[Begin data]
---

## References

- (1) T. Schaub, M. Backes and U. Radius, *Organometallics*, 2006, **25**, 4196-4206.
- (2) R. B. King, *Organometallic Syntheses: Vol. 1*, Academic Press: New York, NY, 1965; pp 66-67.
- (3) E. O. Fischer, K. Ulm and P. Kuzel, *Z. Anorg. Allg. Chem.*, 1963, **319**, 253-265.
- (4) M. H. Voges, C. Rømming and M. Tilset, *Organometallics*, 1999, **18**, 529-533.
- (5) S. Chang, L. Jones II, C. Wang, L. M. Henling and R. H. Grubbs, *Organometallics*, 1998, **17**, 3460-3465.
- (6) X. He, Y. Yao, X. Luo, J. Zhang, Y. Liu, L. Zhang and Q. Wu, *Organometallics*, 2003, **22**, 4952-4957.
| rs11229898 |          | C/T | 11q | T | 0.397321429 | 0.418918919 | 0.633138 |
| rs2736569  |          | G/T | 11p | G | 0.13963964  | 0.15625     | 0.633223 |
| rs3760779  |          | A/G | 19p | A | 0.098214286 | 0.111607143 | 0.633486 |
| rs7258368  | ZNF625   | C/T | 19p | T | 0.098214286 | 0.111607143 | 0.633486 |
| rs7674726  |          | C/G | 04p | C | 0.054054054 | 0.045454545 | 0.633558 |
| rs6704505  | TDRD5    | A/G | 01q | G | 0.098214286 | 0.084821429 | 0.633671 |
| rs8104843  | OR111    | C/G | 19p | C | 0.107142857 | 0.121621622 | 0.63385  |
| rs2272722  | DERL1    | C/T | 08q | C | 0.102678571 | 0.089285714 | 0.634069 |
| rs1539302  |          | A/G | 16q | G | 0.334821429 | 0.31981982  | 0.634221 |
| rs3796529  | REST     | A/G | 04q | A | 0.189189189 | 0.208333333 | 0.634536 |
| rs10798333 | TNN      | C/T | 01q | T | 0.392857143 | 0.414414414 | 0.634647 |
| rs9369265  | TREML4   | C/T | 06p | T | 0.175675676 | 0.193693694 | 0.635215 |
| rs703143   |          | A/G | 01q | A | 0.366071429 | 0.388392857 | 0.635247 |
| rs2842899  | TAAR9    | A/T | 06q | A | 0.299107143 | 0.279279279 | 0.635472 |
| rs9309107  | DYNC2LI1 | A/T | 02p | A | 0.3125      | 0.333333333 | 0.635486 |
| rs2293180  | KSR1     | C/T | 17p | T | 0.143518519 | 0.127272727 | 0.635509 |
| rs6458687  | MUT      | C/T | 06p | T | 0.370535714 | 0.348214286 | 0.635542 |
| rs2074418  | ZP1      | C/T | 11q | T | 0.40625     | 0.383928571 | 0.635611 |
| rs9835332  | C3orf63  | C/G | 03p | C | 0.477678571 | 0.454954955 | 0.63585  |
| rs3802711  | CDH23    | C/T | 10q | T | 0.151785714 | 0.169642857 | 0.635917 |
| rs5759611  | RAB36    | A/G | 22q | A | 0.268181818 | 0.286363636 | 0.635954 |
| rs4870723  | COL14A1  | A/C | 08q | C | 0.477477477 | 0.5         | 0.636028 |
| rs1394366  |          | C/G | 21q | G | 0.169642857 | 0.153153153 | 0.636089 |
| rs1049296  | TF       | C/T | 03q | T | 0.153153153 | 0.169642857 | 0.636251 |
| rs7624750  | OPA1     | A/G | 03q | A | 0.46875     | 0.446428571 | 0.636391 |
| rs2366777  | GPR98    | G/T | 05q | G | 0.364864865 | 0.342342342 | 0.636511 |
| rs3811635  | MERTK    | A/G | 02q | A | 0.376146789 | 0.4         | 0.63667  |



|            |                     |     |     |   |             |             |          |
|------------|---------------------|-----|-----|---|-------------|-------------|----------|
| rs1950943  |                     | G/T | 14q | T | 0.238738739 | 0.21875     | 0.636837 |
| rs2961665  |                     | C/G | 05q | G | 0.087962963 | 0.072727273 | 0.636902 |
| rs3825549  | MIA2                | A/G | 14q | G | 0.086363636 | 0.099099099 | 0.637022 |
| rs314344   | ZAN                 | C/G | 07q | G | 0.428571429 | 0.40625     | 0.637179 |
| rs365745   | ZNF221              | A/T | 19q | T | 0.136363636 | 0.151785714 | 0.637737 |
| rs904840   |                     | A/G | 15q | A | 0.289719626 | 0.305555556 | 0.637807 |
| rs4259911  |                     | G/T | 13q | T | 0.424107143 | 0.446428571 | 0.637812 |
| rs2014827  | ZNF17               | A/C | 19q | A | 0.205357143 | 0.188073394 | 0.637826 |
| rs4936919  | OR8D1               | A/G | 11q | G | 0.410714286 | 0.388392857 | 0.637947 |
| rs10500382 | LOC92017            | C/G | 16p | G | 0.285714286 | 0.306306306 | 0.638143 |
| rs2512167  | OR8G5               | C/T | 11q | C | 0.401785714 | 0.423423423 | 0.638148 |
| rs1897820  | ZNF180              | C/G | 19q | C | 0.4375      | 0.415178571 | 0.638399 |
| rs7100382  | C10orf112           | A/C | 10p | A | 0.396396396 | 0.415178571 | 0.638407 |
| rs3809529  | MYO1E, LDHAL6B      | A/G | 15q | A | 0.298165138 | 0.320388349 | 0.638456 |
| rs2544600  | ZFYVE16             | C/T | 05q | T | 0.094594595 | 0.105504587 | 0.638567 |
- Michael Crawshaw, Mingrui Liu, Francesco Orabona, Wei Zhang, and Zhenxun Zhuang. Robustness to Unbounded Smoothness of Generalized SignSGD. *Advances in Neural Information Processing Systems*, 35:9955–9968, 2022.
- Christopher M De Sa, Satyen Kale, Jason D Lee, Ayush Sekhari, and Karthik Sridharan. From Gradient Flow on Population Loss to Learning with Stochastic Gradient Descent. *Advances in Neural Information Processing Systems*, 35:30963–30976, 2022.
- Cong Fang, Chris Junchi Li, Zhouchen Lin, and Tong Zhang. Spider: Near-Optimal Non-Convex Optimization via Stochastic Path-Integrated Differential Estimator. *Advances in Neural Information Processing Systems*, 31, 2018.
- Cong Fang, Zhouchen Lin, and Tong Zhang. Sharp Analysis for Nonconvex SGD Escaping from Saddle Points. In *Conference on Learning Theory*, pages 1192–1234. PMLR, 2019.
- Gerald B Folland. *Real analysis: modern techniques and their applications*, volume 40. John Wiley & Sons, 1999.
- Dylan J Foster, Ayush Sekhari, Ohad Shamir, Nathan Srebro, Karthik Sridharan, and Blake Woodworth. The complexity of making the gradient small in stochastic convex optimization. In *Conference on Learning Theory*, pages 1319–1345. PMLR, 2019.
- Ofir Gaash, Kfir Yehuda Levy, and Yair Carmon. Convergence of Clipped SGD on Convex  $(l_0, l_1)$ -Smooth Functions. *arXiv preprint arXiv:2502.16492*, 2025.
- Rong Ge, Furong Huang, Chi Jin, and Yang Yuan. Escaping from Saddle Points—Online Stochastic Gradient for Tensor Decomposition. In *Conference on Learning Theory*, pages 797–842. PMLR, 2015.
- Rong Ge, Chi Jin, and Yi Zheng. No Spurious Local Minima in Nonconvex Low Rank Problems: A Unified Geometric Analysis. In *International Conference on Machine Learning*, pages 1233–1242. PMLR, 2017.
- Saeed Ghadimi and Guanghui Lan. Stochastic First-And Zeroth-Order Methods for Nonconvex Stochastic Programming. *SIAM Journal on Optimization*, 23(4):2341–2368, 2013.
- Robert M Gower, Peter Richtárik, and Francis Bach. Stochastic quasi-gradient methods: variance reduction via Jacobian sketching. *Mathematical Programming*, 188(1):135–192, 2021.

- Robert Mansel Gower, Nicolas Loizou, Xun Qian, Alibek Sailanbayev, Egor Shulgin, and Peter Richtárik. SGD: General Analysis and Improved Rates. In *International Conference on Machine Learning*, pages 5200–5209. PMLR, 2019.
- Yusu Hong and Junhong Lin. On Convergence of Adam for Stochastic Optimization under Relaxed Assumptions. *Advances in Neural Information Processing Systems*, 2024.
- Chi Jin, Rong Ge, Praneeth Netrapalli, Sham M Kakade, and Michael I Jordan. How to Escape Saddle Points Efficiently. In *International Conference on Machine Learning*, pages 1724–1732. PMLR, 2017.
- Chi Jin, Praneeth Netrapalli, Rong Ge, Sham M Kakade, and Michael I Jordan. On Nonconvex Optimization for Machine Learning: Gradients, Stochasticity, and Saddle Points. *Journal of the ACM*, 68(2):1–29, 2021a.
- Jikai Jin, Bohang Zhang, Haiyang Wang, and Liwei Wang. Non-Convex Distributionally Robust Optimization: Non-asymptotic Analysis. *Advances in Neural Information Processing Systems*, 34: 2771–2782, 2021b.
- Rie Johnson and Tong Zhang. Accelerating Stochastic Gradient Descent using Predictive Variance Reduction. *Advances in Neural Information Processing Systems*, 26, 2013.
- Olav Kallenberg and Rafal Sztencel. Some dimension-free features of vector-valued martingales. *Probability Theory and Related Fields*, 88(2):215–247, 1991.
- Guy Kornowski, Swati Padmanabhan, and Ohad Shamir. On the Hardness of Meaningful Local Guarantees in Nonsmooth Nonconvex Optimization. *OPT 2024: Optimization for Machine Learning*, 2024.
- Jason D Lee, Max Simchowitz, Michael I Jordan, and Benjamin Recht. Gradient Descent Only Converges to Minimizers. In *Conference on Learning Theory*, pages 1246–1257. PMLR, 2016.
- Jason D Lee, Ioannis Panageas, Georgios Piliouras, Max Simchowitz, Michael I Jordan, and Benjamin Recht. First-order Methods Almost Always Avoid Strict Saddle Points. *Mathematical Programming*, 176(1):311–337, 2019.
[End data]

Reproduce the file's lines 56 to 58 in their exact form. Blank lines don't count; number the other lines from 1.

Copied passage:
- Cong Fang, Zhouchen Lin, and Tong Zhang. Sharp Analysis for Nonconvex SGD Escaping from Saddle Points. In *Conference on Learning Theory*, pages 1192–1234. PMLR, 2019.
- Gerald B Folland. *Real analysis: modern techniques and their applications*, volume 40. John Wiley & Sons, 1999.
- Dylan J Foster, Ayush Sekhari, Ohad Shamir, Nathan Srebro, Karthik Sridharan, and Blake Woodworth. The complexity of making the gradient small in stochastic convex optimization. In *Conference on Learning Theory*, pages 1319–1345. PMLR, 2019.